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Interviewing the AH Community: Alison Morton

"So the Roman Empire survives."

AH fans: "Yay!"

"But it's the size of Luxembourg."

AH fans: "Huh?"

When I drafted the first Roma Nova story, I had no idea it was in the alternate history genre, or even what that was. It was just the story I wanted to write. I’ve been a Roman nut since I was eleven when I was captivated by my first mosaic in Spain.
I'd like to know, who else in our community came to AH by way of a fondness for a given historical place and era? Personally I was into early 20th century China before I became a fan of AH.
I'd like to know, who else in our community came to AH by way of a fondness for a given historical place and era? Personally I was into early 20th century China before I became a fan of AH.

I would say it came for me in parallel rather than in sequence. I was always interested in tiny states and did a little school project on Andorra, Monaco, Liechtenstein, San Marino and the Vatican City. I had a brief fascination with Albania. I guess it then went into alternate history, I especially remember an imaginary state I called Trotronia located in various enclaves in South-Eastern France, I imagine influenced by Papal Avignon and the Comtat Venaissin. I drew maps of it and included various historic details about its development, not particularly rooted in actual history.
In my case it was a fondness for Ancient Greece and Rome, from the age of eight or so, added to by an imaginative leap after reading the children's magazine 'Look and Learn's sci-fi 'Rome-like civilization on a distant planet, updated to the space age' series 'The Trigan Empire' when I was ten. I was into other historical eras and civilizations too, incl China (after going round the neo-'Chinese' decorated Brighton Royal Pavilion near where we lived) and Ethiopia (after seeing the BBC 'Blue Peter's royal safari there with Princess Anne and presenter Valerie Singleton), but Rome had wider possibilities.

On surviving Roman micro-states, I remember seeing a (repeated) TV episode of the very old, 1950s Arthurian adventure series 'Sir Lancelot' around 1970 that featured the knight and his friends helping out a surviving Roman enclave in a remote area of Britain, which gave me ideas for a Roman survival in Britain after the end of Roman rule in 410 as a possibility. (The episode was a bit visually mixed-up, as it was set in the Arthurian era around 500 but had the King and his court in the costumes and with the weapons of the fifteenth century, ie the time of the main medieval Arthurian literary work 'Morte d'Arthur' by Sir Thomas Malory. The later 1970s 'Arthur of the Britons' series, with Brian Blessed, did go back to 'authentic' C5th costumes, swords, and wooden huts.) But given the relatively patchy levels of 'Romanization' achieved in real life Britain by the C5th, I could soon see that it would be difficult to provide a large enough and culturally cohesive politico-social grouping wedded to Roman ways in Britain for them to keep going for centuries - even in a raid-free isolated hilly region or a remote island. Possibly this would be easier if Roman rule and socio-political adaptation to Roman manners had kept going for another few centuries before a collapse of the main Empire, eg broken up into a series of feuding states by the combined assaults of the Arabs and the steppe nomads in the seventh century?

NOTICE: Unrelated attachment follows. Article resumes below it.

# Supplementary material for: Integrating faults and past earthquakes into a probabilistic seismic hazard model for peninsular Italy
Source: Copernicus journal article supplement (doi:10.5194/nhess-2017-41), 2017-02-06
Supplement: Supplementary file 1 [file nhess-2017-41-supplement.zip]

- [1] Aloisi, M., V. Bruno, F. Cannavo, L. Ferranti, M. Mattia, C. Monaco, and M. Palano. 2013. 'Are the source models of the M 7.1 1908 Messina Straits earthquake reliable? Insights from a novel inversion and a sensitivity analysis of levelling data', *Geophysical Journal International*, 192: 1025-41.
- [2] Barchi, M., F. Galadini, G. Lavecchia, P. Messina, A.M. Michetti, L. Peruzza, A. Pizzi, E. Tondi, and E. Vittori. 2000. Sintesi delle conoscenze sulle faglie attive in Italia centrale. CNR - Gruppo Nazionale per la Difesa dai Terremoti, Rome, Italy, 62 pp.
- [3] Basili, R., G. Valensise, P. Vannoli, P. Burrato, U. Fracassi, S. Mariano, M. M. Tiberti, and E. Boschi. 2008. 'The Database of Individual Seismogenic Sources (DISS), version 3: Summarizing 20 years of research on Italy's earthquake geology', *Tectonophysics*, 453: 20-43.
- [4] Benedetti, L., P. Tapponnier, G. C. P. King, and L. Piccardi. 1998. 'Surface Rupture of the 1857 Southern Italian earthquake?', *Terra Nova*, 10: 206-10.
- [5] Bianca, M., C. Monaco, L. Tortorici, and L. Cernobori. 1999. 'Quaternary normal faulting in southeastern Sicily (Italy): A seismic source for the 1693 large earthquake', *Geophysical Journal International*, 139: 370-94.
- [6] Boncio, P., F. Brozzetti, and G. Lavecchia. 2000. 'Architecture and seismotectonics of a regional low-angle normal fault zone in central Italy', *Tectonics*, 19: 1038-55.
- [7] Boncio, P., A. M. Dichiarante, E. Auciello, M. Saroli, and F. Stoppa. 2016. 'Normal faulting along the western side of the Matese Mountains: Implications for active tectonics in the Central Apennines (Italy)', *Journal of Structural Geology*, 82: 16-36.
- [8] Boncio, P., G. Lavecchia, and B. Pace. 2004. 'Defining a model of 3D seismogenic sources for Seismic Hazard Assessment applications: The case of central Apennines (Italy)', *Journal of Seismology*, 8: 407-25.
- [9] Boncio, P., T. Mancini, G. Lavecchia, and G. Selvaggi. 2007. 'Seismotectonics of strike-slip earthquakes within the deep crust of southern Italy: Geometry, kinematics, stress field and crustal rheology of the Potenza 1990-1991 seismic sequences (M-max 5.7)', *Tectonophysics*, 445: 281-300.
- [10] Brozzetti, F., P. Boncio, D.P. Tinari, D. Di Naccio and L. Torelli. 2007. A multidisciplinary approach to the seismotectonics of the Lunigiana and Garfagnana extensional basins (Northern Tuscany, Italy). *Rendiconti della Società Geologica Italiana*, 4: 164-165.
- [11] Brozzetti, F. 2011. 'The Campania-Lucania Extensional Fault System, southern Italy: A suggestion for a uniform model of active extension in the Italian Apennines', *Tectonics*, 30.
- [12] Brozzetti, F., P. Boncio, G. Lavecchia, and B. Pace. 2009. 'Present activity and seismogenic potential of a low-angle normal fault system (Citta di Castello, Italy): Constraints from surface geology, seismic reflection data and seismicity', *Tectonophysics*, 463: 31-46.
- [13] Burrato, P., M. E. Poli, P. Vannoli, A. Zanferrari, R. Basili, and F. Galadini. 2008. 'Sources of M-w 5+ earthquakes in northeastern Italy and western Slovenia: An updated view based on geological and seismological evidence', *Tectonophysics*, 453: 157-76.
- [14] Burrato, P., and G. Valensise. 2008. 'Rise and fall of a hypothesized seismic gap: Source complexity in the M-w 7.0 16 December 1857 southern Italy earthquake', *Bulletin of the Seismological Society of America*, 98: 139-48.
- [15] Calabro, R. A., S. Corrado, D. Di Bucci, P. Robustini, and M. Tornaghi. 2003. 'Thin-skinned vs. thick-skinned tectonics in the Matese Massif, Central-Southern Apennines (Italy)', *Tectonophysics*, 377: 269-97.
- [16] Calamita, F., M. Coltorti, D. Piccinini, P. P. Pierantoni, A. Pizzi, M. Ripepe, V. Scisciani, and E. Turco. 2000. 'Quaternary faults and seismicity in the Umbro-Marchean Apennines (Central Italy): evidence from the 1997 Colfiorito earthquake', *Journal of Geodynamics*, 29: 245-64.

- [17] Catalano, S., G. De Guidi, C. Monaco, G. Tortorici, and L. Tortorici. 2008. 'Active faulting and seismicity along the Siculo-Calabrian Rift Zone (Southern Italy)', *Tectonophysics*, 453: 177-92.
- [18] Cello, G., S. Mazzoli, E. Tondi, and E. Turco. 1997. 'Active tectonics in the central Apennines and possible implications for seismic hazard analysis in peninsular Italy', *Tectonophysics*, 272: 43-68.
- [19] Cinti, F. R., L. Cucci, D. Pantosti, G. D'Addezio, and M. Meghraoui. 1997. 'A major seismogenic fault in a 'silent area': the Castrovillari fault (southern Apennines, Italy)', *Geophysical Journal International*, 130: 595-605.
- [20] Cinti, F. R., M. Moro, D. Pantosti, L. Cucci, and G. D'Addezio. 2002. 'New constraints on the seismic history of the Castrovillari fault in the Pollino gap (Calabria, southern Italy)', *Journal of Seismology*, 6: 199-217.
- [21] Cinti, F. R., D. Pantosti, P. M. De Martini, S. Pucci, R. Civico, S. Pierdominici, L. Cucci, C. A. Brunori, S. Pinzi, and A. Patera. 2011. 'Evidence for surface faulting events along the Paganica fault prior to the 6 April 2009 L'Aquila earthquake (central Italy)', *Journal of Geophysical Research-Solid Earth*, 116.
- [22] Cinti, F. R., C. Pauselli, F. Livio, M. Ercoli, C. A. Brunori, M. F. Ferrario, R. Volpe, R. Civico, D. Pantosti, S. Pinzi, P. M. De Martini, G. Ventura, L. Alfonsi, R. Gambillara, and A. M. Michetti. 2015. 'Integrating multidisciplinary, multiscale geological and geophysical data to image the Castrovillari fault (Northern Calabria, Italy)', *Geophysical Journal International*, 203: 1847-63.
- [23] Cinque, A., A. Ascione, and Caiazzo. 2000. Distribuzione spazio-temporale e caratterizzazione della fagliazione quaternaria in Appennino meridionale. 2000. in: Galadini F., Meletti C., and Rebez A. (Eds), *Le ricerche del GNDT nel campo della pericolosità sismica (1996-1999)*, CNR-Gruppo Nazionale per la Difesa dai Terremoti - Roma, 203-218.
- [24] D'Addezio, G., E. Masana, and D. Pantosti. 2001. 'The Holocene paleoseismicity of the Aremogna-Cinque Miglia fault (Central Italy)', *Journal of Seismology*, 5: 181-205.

I find Alison Morton's scenario intriguing and very well thought out, though - and there were nearly some real Roman successor-states in the West, eg the kingdom of Aegidius and Syagrius in northern Gaul, until they were bulldozed aside by the numerically greater Merovingian Franks (in this case in 486). A lowland state would always have problems in an era of mobile nomad peoples , but a mountain state might hold out - as in the Alps. A Syagrius-style successor-kingdom based on bits of the local Roman army cut off from home plus local nobles could have held out in a remote area of Spain until the Reconquista, had the Visigoths been weaker and failed to mop up various Iberian sub-states eg the Suevi tribe (German migrants in the C5th who crossed the Rhine and moved on to Spain) in Galicia/ N Portugal. The Arabs never reached that far North, so a Galician state could have lasted after the 711 invasion and then linked up by marriage as an ally to the Christian kingdom of Leon. And even in Britain, there were chances for post-Roman British kingdoms to survive the Anglo-Saxon migrations with better military luck - and they could have been more Romanised given a longer period of Roman govt, plus more Roman settlers or surviving Roman garrisons. My best bet is on 'Rheged' in Cumbria, using the Hadrians Wall garrisons, which was not defeated by the incoming Angles until c.600 and had vigorous and successful C6th warlords (Urbgen and Owain), or the survival of bits of the old Roman army centred on the east end of the Wall and York.